The Park at Fort Negley
Mayor Megan Barry's administration intends to award a for-profit developer the right to build condos and office space on Nashville's Fort Negley Park.
This development would permanently destroy 21 acres of parkland in Nashville's urban core, where greenspace is dwindling because of boom-time development.
What's at stake?
Mayor Barry's administration's development plan raises four serious problems.
01. Save our Parks
If we destroy Fort Negley Park to build condos and offices, then no parkland in Nashville is safe.
Downtown is already starved for greenspace.
02. preserve history
Fort Negley is a nationally recognized Civil War Heritage site.
In 1862, hundreds of African Americans, former slaves and freedmen, worked and died here building the Union fort, the largest inland masonry fort constructed during the War.
Historians believe many unmarked graves remain.
03. Fix the process
Mayor Barry's administration chose the for-profit developer through a closed-door process.
They never considered leaving Fort Negley Park a park.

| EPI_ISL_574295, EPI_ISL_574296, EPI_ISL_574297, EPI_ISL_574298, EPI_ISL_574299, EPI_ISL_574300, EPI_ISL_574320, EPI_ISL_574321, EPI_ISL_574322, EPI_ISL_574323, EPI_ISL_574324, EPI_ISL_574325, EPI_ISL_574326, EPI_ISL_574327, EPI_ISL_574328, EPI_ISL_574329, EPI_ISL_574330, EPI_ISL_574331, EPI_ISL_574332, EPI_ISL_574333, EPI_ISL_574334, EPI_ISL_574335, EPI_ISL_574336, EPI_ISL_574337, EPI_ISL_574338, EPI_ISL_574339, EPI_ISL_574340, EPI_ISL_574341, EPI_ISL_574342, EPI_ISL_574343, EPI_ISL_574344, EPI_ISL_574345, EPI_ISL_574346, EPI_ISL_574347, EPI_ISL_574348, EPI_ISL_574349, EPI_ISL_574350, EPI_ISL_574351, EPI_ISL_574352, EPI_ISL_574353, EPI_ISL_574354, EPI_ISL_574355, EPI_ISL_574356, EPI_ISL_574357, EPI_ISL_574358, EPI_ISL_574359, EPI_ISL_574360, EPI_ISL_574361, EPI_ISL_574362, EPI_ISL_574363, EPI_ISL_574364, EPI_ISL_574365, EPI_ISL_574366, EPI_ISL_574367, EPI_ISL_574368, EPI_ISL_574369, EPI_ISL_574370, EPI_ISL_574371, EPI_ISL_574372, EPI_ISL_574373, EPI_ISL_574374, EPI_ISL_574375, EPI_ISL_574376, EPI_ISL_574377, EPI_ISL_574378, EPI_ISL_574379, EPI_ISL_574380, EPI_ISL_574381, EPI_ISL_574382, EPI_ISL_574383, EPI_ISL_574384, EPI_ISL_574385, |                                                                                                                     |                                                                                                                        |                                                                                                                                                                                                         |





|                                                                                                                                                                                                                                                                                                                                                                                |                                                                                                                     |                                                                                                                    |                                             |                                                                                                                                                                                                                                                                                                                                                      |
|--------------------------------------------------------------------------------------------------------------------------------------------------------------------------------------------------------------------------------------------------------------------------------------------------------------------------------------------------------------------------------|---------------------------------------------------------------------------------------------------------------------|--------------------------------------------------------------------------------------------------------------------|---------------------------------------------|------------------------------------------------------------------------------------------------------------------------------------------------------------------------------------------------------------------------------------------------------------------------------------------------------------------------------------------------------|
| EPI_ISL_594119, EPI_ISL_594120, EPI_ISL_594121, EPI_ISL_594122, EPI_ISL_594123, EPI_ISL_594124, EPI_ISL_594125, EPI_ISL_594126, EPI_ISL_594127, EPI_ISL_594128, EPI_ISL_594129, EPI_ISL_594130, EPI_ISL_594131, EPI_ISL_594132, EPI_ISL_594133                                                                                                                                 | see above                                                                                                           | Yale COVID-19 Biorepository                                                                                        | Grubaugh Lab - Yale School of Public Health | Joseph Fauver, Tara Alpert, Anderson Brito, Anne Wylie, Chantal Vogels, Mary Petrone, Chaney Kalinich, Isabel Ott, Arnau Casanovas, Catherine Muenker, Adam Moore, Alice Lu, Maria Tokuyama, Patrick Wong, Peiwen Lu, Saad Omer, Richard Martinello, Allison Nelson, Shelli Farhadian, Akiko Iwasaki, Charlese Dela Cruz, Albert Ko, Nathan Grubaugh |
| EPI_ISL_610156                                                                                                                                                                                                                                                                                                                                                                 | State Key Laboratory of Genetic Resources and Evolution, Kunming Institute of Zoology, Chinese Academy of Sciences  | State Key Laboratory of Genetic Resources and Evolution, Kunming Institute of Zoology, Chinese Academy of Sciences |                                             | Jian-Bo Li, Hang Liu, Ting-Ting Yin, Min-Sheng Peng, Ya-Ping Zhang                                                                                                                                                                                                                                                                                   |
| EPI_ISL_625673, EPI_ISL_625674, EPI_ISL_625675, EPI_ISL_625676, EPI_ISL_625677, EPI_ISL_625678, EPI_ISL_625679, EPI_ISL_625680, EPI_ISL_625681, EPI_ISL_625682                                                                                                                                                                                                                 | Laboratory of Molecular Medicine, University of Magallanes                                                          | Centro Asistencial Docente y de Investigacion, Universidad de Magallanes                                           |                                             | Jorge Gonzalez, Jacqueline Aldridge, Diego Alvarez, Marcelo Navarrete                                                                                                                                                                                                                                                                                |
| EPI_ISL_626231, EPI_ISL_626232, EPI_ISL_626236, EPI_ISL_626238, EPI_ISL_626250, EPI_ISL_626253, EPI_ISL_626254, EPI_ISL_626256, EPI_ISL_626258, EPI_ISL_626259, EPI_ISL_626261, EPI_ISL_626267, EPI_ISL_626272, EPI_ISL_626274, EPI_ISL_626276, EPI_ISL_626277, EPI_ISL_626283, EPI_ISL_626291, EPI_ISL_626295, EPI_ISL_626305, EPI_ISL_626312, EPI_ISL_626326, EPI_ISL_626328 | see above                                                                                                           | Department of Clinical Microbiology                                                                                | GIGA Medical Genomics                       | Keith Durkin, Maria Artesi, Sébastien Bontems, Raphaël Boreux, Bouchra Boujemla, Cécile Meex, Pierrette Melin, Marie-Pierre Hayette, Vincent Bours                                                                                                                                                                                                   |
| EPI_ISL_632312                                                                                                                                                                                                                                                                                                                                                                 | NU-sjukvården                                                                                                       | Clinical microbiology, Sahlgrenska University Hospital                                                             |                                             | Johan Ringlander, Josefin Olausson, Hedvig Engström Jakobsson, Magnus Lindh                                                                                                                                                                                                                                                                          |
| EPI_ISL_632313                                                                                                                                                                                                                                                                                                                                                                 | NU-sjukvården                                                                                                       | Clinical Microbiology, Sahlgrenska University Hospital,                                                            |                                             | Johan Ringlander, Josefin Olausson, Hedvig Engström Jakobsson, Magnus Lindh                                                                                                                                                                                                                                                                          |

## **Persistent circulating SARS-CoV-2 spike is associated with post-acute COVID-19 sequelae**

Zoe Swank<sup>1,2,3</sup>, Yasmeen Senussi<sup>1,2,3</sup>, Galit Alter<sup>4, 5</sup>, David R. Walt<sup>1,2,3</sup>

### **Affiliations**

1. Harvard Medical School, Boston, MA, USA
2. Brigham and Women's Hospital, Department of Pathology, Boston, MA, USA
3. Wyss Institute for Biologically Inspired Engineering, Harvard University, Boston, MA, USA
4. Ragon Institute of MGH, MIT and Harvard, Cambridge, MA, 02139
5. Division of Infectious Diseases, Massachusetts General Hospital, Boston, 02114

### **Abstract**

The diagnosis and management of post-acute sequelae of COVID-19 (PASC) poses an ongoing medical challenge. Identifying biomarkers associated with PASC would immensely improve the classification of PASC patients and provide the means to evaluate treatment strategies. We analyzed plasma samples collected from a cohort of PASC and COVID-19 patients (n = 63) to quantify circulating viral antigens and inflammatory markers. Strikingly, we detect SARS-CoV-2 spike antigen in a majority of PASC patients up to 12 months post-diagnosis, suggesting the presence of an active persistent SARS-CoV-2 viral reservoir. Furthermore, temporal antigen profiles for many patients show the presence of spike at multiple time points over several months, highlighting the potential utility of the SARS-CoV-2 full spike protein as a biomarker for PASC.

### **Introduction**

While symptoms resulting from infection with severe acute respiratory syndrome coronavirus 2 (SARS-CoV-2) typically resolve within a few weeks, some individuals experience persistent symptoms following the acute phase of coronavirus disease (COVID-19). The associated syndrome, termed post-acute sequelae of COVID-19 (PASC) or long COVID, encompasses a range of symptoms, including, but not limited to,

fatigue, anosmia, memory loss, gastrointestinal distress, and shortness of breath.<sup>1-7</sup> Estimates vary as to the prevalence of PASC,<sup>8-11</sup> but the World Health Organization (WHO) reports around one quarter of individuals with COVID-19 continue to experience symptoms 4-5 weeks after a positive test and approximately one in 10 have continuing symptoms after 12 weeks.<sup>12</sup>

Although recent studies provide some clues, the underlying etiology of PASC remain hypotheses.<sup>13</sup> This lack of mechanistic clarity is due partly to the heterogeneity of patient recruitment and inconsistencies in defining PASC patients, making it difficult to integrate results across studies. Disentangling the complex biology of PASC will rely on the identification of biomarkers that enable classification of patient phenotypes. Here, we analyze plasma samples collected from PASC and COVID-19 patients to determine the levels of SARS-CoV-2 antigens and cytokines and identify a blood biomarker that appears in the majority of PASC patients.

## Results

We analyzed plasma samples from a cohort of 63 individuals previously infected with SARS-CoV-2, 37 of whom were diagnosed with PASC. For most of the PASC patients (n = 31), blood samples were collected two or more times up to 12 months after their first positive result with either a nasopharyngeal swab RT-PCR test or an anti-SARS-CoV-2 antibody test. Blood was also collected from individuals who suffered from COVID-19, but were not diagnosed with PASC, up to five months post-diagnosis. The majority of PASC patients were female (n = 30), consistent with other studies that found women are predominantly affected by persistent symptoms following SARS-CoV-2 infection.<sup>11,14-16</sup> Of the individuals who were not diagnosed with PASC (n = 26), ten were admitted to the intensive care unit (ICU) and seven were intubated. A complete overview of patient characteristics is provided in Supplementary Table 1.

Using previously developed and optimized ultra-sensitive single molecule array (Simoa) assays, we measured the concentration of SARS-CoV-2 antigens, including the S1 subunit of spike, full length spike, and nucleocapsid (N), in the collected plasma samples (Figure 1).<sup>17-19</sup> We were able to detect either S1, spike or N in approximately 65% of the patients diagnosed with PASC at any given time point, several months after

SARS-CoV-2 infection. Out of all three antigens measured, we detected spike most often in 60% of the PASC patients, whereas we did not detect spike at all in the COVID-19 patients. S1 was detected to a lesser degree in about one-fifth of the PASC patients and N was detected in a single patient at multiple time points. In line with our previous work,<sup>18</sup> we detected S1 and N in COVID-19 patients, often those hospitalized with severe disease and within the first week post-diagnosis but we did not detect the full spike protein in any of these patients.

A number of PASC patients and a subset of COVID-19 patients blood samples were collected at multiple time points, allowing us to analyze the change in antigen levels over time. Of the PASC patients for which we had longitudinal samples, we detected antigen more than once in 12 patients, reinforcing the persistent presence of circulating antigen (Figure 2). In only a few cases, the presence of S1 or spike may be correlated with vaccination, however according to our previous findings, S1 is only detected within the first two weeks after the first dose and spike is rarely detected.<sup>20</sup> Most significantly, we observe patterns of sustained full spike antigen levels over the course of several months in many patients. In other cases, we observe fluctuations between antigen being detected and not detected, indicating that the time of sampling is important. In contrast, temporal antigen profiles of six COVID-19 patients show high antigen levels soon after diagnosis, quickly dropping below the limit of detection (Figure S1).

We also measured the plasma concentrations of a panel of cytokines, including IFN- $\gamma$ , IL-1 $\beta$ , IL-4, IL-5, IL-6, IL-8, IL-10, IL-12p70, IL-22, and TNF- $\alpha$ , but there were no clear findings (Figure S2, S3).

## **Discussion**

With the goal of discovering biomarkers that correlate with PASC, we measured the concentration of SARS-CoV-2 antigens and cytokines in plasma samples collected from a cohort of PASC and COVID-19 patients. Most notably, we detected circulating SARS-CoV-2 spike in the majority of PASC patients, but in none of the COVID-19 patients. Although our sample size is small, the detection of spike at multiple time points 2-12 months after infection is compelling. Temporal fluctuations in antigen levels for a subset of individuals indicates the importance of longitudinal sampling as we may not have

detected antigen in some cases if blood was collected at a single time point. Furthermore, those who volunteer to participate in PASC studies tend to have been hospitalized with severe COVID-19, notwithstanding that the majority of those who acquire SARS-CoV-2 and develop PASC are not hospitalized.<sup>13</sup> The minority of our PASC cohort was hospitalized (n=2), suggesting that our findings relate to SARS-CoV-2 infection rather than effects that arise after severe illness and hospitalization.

04. Find the graves
Metro Council has already allocated funding for a Fort Negley Park Cultural Survey to locate the unmarked African American graves and explore the Park's historical significance.
This survey should not be rushed in Nashville's race to convert this Park to condos.
Reflection pool and historic amphitheater
Treasure our heroes. Don't build on their graves.
In August 1862, the Union Army began “impressing” thousands of African Americans to mine, cut, and lay the limestone walls of Fort Negley. Abolitionist George Luther Stearns wrote, "These men working in the heat of the autumn months, lying on the hillside at night in the heavy dews without shelter, and fed with poor food, soon sickened. In four months about eight hundred of them died; the remainder were kept at work from six to fifteen months without pay."
– Zada Law's letter to Mayor Megan Barry, March 23, 2017
Experts weigh in:
"Given all that is at stake for the African American community only a deliberate and transparent process can hope to weigh the significance of this heritage site against the urge to develop it."
Nashville Scene – July 27, 2017
"The Greer Stadium site is in Fort Negley Park. It doesn’t have to be 'considered' for park space. It IS park space."
The Tennessean – July 26, 2017
"The at-large members say they are especially concerned about tarnishing the historical value of the property. The site was home to an African-American encampment during the Civil War."
Nashville Scene – June 25, 2017
"It is not Metro Parks’ role to act as impartial judges on matters of parkland. They’re supposed to be partial. They’re supposed to protect the goddamn parks."